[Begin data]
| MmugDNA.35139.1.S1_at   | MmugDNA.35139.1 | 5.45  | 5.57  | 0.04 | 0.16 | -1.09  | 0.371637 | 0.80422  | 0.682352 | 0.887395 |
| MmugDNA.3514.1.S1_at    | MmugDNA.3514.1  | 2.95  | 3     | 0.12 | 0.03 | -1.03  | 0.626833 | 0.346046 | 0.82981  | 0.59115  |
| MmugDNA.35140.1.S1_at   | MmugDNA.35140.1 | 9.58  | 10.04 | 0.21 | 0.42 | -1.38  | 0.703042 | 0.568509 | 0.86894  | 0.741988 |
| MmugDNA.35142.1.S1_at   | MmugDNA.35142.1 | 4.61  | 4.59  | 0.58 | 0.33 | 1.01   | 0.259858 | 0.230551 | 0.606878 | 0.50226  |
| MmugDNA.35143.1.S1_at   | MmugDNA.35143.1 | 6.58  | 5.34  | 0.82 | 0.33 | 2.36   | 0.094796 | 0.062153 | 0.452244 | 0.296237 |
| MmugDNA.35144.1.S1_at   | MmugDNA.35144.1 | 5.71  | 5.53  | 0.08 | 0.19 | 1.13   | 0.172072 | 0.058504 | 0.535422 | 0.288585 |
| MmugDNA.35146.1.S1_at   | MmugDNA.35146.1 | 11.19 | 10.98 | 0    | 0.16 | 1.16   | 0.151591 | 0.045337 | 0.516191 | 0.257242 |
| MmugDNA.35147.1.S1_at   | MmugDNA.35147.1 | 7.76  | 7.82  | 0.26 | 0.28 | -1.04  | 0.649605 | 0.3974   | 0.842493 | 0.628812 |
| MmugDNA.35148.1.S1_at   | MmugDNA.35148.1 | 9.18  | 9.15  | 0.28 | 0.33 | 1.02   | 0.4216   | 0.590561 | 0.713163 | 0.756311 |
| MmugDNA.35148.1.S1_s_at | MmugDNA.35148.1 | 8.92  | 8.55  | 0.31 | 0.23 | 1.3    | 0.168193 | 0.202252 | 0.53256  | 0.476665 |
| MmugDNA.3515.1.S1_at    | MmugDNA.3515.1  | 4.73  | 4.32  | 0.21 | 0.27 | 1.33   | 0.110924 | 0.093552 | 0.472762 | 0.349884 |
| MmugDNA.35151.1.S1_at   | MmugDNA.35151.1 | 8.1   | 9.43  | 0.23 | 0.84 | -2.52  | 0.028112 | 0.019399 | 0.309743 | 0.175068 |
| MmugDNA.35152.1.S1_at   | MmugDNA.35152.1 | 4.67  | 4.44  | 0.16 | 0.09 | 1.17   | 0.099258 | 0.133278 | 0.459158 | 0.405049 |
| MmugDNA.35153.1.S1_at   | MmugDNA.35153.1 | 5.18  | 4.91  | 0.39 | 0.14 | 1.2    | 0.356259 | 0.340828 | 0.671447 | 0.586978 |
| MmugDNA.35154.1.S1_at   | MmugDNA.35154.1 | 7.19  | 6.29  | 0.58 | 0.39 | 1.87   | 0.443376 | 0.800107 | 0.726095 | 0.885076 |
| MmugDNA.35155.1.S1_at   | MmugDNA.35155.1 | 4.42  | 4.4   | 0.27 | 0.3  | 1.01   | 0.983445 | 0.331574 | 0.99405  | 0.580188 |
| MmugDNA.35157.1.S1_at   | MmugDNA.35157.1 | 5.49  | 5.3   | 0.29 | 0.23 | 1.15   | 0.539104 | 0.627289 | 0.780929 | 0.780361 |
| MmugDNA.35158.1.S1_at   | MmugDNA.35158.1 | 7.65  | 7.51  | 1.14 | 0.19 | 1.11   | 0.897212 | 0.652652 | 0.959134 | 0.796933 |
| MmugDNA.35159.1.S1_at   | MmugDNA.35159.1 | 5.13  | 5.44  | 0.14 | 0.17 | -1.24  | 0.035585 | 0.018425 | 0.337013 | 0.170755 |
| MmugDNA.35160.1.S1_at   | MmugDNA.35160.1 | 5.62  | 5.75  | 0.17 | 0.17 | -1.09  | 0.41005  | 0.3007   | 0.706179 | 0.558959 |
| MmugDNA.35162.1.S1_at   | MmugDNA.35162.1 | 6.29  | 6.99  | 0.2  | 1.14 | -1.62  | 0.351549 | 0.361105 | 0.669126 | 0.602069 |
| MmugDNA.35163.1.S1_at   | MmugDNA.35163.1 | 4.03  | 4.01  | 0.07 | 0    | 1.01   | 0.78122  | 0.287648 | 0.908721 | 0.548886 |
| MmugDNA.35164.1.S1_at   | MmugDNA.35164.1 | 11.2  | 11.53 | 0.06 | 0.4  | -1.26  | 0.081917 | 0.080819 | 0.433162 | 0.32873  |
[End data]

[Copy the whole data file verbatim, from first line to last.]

| MmugDNA.35139.1.S1_at   | MmugDNA.35139.1 | 5.45  | 5.57  | 0.04 | 0.16 | -1.09  | 0.371637 | 0.80422  | 0.682352 | 0.887395 |
| MmugDNA.3514.1.S1_at    | MmugDNA.3514.1  | 2.95  | 3     | 0.12 | 0.03 | -1.03  | 0.626833 | 0.346046 | 0.82981  | 0.59115  |
| MmugDNA.35140.1.S1_at   | MmugDNA.35140.1 | 9.58  | 10.04 | 0.21 | 0.42 | -1.38  | 0.703042 | 0.568509 | 0.86894  | 0.741988 |
| MmugDNA.35142.1.S1_at   | MmugDNA.35142.1 | 4.61  | 4.59  | 0.58 | 0.33 | 1.01   | 0.259858 | 0.230551 | 0.606878 | 0.50226  |
| MmugDNA.35143.1.S1_at   | MmugDNA.35143.1 | 6.58  | 5.34  | 0.82 | 0.33 | 2.36   | 0.094796 | 0.062153 | 0.452244 | 0.296237 |
| MmugDNA.35144.1.S1_at   | MmugDNA.35144.1 | 5.71  | 5.53  | 0.08 | 0.19 | 1.13   | 0.172072 | 0.058504 | 0.535422 | 0.288585 |
| MmugDNA.35146.1.S1_at   | MmugDNA.35146.1 | 11.19 | 10.98 | 0    | 0.16 | 1.16   | 0.151591 | 0.045337 | 0.516191 | 0.257242 |
| MmugDNA.35147.1.S1_at   | MmugDNA.35147.1 | 7.76  | 7.82  | 0.26 | 0.28 | -1.04  | 0.649605 | 0.3974   | 0.842493 | 0.628812 |
| MmugDNA.35148.1.S1_at   | MmugDNA.35148.1 | 9.18  | 9.15  | 0.28 | 0.33 | 1.02   | 0.4216   | 0.590561 | 0.713163 | 0.756311 |
| MmugDNA.35148.1.S1_s_at | MmugDNA.35148.1 | 8.92  | 8.55  | 0.31 | 0.23 | 1.3    | 0.168193 | 0.202252 | 0.53256  | 0.476665 |
| MmugDNA.3515.1.S1_at    | MmugDNA.3515.1  | 4.73  | 4.32  | 0.21 | 0.27 | 1.33   | 0.110924 | 0.093552 | 0.472762 | 0.349884 |
| MmugDNA.35151.1.S1_at   | MmugDNA.35151.1 | 8.1   | 9.43  | 0.23 | 0.84 | -2.52  | 0.028112 | 0.019399 | 0.309743 | 0.175068 |
| MmugDNA.35152.1.S1_at   | MmugDNA.35152.1 | 4.67  | 4.44  | 0.16 | 0.09 | 1.17   | 0.099258 | 0.133278 | 0.459158 | 0.405049 |
| MmugDNA.35153.1.S1_at   | MmugDNA.35153.1 | 5.18  | 4.91  | 0.39 | 0.14 | 1.2    | 0.356259 | 0.340828 | 0.671447 | 0.586978 |
| MmugDNA.35154.1.S1_at   | MmugDNA.35154.1 | 7.19  | 6.29  | 0.58 | 0.39 | 1.87   | 0.443376 | 0.800107 | 0.726095 | 0.885076 |
| MmugDNA.35155.1.S1_at   | MmugDNA.35155.1 | 4.42  | 4.4   | 0.27 | 0.3  | 1.01   | 0.983445 | 0.331574 | 0.99405  | 0.580188 |
| MmugDNA.35157.1.S1_at   | MmugDNA.35157.1 | 5.49  | 5.3   | 0.29 | 0.23 | 1.15   | 0.539104 | 0.627289 | 0.780929 | 0.780361 |
| MmugDNA.35158.1.S1_at   | MmugDNA.35158.1 | 7.65  | 7.51  | 1.14 | 0.19 | 1.11   | 0.897212 | 0.652652 | 0.959134 | 0.796933 |
| MmugDNA.35159.1.S1_at   | MmugDNA.35159.1 | 5.13  | 5.44  | 0.14 | 0.17 | -1.24  | 0.035585 | 0.018425 | 0.337013 | 0.170755 |
| MmugDNA.35160.1.S1_at   | MmugDNA.35160.1 | 5.62  | 5.75  | 0.17 | 0.17 | -1.09  | 0.41005  | 0.3007   | 0.706179 | 0.558959 |
| MmugDNA.35162.1.S1_at   | MmugDNA.35162.1 | 6.29  | 6.99  | 0.2  | 1.14 | -1.62  | 0.351549 | 0.361105 | 0.669126 | 0.602069 |
| MmugDNA.35163.1.S1_at   | MmugDNA.35163.1 | 4.03  | 4.01  | 0.07 | 0    | 1.01   | 0.78122  | 0.287648 | 0.908721 | 0.548886 |
| MmugDNA.35164.1.S1_at   | MmugDNA.35164.1 | 11.2  | 11.53 | 0.06 | 0.4  | -1.26  | 0.081917 | 0.080819 | 0.433162 | 0.32873  |